One week after his campaign for president ended, Sen. Ted Cruz returned to the Senate unready to endorse Donald Trump — and very ready to talk about his own political future.
“This battle is about a lot more than one election cycle or one candidate,” said Cruz (R-Tex.). “It is about principles that are eternal.”
Pressed on whether he could now back Trump, fulfilling a pledge every candidate had made to back the party’s nominee, Cruz passed on several chances to say yes.
“There will be plenty of time for voters to make the determination of what they will support,” Cruz said. “What I am going to be supporting are free-market principles and the constitutional liberties of Americans.”
It was a swaggering and occasionally snarky performance, with several jokes about “the warm embrace of Washington” before a media scrum that filled the hallway outside Cruz’s Senate office. Like Sen. Marco Rubio (R-Fla.), who quit the race in March, Cruz skipped the reporter-clogged Senate lunches to reintroduce himself on his own terms. Unlike Rubio, he was about to face colleagues who’d resented his elbow-throwing approach and were full of advice about how to fit in.
“Try to be more effective,” advised Sen. Lindsey O. Graham (R-S.C.), who had warned that Cruz would lose a national election and briefly supported him as part of a stop-Trump effort.
“I don’t think he needs or wants advice from me,” said Sen. Dianne Feinstein (D-Calif.) with a laugh. She had called Cruz patronizing during a hearing on gun safety legislation.
Some of Cruz’s Republican colleagues were more diplomatic. Sen. Mitch McConnell (R-Ky.), the majority leader, had been one of Cruz’s favorite pincushions on the trail. On Tuesday, asked about Cruz, McConnell said he was “happy to have him back.”
Sen. Richard Burr (R-N.C.), who denied reports that he told Republicans he’d vote for Sen. Bernie Sanders of Vermont over Cruz, welcomed a post-campaign Cruz.
“Some people get over [losing], and some people never get over it,” Burr said. “I think he’s going to be the same effective leader that he tried to be before.”
Cruz largely disappeared in the days after he conceded the must-win Indiana primary. He was spotted by cameramen at Saturday’s running of the Kentucky Derby, where his wife Heidi informed reporters that there would be no interviews.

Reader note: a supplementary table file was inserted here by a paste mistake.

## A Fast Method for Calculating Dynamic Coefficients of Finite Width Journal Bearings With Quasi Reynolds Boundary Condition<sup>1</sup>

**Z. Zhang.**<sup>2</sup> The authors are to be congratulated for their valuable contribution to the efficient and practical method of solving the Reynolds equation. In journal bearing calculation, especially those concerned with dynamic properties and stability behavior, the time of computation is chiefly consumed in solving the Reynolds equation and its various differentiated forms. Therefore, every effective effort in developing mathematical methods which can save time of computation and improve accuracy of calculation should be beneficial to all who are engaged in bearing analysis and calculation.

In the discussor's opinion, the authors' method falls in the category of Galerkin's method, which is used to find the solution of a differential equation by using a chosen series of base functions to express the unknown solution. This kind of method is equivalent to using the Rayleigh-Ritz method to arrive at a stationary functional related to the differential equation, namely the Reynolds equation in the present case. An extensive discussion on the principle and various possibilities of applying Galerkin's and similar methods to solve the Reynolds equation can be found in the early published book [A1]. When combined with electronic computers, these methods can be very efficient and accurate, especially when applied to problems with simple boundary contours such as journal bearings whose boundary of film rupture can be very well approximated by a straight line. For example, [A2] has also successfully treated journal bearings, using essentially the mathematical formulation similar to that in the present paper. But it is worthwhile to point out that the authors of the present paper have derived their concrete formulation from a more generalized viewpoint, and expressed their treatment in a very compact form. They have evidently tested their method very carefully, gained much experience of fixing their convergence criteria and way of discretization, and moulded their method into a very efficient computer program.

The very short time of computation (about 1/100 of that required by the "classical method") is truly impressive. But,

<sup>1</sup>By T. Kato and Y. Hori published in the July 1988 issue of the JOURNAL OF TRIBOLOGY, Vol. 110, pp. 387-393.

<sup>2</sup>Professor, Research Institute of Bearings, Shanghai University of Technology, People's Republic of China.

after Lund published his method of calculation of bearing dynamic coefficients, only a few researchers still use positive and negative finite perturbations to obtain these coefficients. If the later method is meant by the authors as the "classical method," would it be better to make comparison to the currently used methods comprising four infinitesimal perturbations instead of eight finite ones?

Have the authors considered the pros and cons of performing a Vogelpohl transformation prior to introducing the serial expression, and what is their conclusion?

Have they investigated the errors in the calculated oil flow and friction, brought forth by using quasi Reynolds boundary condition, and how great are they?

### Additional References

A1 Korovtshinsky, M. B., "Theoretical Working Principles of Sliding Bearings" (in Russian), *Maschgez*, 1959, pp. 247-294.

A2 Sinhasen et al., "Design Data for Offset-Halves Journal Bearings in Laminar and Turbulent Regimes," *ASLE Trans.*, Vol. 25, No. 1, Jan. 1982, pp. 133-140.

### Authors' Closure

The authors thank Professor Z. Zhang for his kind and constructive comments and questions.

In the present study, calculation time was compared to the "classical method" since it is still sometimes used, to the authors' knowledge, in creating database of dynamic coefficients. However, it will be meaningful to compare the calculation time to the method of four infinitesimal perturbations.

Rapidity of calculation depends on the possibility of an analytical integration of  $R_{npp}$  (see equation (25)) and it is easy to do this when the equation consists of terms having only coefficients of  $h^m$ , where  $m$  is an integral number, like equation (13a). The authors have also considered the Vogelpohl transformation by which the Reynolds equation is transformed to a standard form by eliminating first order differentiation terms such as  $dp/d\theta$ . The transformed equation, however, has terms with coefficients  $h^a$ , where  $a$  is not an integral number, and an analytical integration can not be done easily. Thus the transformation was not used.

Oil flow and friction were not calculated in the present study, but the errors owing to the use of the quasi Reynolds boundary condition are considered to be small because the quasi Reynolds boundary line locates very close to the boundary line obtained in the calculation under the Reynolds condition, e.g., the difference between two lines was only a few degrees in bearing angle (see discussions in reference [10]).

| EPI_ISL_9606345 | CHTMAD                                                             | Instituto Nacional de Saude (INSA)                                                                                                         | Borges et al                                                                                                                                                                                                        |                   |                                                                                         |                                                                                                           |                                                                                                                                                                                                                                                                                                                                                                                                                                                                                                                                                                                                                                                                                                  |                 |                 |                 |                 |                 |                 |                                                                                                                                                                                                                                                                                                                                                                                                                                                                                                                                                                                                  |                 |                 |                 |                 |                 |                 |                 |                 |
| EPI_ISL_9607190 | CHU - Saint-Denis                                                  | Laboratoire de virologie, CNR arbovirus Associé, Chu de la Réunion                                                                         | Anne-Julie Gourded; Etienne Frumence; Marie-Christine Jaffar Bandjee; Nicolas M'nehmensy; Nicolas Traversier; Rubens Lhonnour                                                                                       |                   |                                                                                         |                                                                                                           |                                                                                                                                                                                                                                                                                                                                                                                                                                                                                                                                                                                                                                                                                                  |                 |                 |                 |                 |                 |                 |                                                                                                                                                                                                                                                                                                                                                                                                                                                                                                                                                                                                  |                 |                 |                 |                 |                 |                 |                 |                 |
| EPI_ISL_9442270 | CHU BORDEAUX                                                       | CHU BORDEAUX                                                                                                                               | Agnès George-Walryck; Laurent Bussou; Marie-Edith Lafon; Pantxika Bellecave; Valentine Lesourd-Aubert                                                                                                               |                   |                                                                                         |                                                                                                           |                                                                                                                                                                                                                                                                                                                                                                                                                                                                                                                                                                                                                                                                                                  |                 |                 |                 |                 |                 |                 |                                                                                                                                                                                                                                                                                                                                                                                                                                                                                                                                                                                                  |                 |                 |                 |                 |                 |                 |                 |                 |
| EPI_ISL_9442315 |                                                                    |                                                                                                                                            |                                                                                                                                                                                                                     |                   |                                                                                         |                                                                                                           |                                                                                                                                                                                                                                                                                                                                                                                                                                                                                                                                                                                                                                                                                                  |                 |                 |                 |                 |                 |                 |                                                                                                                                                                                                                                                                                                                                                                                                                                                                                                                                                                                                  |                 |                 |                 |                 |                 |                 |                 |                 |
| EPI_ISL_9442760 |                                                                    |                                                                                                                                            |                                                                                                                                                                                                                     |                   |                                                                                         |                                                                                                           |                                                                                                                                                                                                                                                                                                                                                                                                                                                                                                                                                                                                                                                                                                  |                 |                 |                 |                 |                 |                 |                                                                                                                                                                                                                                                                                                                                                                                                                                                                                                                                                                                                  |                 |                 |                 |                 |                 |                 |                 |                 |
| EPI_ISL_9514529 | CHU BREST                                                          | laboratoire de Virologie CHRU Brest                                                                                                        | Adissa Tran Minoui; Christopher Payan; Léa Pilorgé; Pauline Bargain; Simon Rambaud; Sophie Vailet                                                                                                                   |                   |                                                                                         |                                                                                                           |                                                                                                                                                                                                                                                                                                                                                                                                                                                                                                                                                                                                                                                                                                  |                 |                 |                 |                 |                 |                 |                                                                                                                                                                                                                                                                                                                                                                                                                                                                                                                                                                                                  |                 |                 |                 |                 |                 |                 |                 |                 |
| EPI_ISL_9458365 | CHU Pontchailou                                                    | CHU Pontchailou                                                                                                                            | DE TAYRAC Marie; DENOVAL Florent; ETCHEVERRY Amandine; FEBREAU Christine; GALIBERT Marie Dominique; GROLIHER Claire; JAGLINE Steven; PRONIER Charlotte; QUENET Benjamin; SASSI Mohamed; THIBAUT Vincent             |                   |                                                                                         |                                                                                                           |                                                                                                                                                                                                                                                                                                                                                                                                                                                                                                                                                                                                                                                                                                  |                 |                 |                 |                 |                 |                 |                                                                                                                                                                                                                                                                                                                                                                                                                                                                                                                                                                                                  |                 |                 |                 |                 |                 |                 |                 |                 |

He reemerged fully with a call-in Tuesday morning to Glenn Beck, a conservative TV and radio host who had endorsed him and campaigned with him through the end. Cruz seemed to surprise the host by indulging speculation on how he could restart his campaign.
“The reason we suspended the race last week was, with the Indiana loss, I didn’t see a path to victory,” Cruz said. “If that changes, we will certainly respond accordingly.”
Later, in a conference call with the campaign’s National Prayer Team, Heidi Cruz suggested that her husband’s movement could endure, and succeed, just as the British abolitionists succeeded in ending slavery.
“Be full of faith and so full of joy that this team was chosen to fight a long battle,” she said, as first reported by the Texas Tribune. “It took 25 years to defeat slavery. That is a lot longer than four years.”
In the Beck interview, Cruz argued that the mainstream media had skewed the primaries with coverage of Trump worth “over $3 billion” of in-kind donations.
“This election will be studied for the role of the media, and in particular network executives,” Cruz told Beck. “They have chosen the candidate they wanted to win.”
And in the hallway, the senator refashioned parts of his campaign stump speech to explain how he would continue his fights in the Senate.
“The people who I am fighting for are single moms, and young people, and Hispanics, and African Americans,” he said. “It’s the truck drivers, the welders and the coal miners.”
Cruz, who has the power to hold up several pieces of key legislation, did not get questions about which he might focus on. But after some prodding, he acknowledged that he was “humbled” to lose the primary.
“I am certainly disappointed with the outcome, that I disappointed so many millions of grass-roots activists,” he said. “My greatest disappointment is that I wasn’t able to win for them, that I came up short, and disappointed their efforts, their time, their passion. That was incredible to see.”
Cruz turned back to the topic of how that movement could grow and win, prompting reporters to ask whether he had been serious when he told Beck that a sudden event — perhaps a win in one of the remaining primaries — could get him back into the primary.
“If circumstances change, we will always assess changed circumstances,” Cruz said. “I appreciate the eagerness and excitement of all the folks in the media to see me back in the ring. But you may have to wait a little bit longer.”
Cruz turned and walked into his Senate office, where the cheers echoed from outside the door.